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Incomparable is sensation and plotting.
Is this review helpful? Yes | NoThank you for your feedback.
Hard to believe, with all the books I read, that I've never read an Agatha Christie before, but indeed, I have not. This was my first, and I can certainly see why Christie is the world's most-published novelist. If there's one thing Christie can do, it's tell a good story. And that's precisely what she does in Evil under the Sun. I can see why readers find Christie's work compelling; she draws her readers in quickly, with a large cast of thickly-described characters and a vivid sense of surroundings. Evil under the Sun brings us to a seaside resort, where a group of holiday-makers, including Christie's famous Inspector Poirot, find themselves attempting to deal with a broad range of personalities. Likely the most abrasive of all is the beautiful and capricious socialite Arlena Marshall. When she turns up dead in a remote part of the beach, it becomes Poirot's calling to determine her murderer. The resort's island location makes it unlikely that anyone outside the hotel could be responsible. Thus, Poirot must discover the murderer in his midst. Everyone, it seems, had a motive. Yet everyone too had an alibi. The answer turns out to be far more complicated than anyone had anticipated. Christie's gift is clearly to tell a gripping story. While there are no great lessons on morality or statements on the human condition within this it is certainly entertaining, enjoyable, and just a bit scary.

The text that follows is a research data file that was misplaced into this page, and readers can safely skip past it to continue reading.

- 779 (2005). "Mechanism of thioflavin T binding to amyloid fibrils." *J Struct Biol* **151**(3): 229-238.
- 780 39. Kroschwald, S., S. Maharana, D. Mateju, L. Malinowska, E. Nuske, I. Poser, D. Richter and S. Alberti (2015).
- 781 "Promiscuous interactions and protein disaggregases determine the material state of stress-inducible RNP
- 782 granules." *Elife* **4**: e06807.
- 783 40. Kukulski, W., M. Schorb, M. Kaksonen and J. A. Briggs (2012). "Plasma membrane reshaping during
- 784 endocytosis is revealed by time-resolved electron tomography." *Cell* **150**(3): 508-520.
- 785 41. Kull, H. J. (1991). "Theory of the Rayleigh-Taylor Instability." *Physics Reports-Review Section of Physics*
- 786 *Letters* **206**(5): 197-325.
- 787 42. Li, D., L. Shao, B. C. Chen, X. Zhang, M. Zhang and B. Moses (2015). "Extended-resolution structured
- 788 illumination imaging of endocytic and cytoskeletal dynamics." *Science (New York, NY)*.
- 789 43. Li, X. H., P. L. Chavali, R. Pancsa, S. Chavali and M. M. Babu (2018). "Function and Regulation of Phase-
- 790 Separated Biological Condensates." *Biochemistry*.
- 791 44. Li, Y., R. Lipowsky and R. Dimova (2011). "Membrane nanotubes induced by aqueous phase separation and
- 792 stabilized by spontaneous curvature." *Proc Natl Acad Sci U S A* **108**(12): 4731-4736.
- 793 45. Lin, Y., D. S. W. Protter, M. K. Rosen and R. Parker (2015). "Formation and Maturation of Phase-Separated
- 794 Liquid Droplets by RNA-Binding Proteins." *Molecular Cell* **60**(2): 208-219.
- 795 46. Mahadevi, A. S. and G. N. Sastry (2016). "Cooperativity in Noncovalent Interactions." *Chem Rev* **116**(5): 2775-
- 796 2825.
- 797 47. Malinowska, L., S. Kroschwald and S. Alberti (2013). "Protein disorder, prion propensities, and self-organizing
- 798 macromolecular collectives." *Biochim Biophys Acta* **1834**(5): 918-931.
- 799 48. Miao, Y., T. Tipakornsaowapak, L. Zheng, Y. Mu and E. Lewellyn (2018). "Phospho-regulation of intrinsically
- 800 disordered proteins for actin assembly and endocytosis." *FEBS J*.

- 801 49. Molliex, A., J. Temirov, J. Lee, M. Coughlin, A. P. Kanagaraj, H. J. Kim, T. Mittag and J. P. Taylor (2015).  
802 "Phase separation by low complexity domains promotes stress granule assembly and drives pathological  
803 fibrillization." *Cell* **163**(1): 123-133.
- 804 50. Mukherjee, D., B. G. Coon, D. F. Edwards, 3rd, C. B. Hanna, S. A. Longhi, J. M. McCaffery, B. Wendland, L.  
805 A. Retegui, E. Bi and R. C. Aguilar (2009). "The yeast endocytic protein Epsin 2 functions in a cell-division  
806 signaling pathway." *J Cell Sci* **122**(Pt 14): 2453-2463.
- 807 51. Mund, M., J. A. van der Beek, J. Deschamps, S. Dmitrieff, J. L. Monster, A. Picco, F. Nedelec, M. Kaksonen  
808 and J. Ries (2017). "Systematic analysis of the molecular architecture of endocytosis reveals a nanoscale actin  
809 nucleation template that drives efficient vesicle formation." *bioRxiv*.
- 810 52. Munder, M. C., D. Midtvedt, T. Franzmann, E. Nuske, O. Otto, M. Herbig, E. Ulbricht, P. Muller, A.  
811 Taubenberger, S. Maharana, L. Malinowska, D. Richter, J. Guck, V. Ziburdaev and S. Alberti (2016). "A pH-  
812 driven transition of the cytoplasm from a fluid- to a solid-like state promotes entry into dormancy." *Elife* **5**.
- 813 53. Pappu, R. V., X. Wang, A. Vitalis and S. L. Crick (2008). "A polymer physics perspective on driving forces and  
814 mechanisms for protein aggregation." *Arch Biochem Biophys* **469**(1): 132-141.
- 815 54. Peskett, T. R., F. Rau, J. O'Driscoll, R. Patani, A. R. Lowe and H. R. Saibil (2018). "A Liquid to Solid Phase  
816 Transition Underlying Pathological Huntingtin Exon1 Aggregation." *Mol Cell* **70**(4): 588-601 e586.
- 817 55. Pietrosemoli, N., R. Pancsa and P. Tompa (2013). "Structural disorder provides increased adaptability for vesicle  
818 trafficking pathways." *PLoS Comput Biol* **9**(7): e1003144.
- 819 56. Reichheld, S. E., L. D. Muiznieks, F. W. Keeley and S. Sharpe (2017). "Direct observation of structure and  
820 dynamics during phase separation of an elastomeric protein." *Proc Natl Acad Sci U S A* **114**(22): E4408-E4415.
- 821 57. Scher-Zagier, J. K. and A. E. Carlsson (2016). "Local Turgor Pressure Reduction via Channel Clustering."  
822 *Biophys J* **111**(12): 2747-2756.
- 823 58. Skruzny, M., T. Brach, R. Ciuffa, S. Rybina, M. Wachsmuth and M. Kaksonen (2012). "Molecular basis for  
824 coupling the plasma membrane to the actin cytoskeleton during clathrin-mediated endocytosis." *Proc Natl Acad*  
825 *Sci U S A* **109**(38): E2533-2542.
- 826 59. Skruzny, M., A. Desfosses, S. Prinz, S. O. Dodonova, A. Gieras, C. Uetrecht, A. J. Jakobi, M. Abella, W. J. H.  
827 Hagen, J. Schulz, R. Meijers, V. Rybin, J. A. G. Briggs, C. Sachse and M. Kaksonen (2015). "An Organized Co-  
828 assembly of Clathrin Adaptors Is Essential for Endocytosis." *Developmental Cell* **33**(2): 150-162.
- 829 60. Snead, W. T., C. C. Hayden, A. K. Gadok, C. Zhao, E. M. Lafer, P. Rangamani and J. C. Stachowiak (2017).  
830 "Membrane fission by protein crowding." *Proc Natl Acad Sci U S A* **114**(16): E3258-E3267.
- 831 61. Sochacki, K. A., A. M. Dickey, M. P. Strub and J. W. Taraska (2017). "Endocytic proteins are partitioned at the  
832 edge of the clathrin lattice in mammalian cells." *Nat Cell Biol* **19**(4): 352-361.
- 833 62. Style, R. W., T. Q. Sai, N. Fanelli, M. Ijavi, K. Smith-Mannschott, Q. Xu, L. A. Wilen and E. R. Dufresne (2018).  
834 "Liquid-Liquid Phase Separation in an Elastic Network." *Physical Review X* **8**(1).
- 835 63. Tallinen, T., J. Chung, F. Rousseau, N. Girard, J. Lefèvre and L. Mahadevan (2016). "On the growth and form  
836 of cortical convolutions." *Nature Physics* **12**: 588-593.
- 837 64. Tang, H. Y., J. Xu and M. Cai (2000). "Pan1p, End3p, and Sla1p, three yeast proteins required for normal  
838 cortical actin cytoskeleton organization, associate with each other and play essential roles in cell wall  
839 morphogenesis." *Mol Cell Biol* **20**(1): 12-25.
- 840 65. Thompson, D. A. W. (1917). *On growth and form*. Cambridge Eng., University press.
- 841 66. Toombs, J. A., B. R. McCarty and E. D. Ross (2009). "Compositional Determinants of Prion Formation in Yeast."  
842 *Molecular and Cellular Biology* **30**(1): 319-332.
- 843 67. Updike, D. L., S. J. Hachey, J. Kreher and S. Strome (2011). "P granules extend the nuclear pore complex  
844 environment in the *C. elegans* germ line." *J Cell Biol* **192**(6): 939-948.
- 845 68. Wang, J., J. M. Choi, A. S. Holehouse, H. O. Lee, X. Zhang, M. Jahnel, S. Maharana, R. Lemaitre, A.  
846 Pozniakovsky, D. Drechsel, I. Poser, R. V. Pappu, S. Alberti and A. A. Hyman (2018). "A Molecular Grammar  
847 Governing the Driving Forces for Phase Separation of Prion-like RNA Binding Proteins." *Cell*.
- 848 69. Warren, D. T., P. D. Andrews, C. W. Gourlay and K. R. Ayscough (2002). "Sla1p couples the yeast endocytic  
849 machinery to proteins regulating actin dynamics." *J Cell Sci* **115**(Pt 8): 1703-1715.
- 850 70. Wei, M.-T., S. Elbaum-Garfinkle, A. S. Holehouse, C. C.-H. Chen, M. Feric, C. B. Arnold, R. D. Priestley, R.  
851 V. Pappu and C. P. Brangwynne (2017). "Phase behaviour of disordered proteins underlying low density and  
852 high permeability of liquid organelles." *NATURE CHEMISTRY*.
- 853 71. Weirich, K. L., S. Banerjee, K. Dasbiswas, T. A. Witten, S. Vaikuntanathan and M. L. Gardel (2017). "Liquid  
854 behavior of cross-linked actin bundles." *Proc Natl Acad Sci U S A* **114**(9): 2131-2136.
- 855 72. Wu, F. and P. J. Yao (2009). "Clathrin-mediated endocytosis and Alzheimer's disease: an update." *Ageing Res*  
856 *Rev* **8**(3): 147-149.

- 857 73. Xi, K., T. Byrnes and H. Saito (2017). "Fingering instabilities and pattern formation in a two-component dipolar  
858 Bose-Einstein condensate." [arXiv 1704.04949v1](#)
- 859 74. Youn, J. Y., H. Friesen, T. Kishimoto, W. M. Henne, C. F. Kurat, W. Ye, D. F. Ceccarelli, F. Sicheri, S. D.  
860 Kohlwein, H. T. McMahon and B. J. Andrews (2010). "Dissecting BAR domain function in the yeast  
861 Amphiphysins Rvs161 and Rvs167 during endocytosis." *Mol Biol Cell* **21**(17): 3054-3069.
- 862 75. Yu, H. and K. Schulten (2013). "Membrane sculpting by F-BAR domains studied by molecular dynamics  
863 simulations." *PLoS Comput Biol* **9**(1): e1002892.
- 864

Is this review helpful? Yes | NoThank you for your feedback.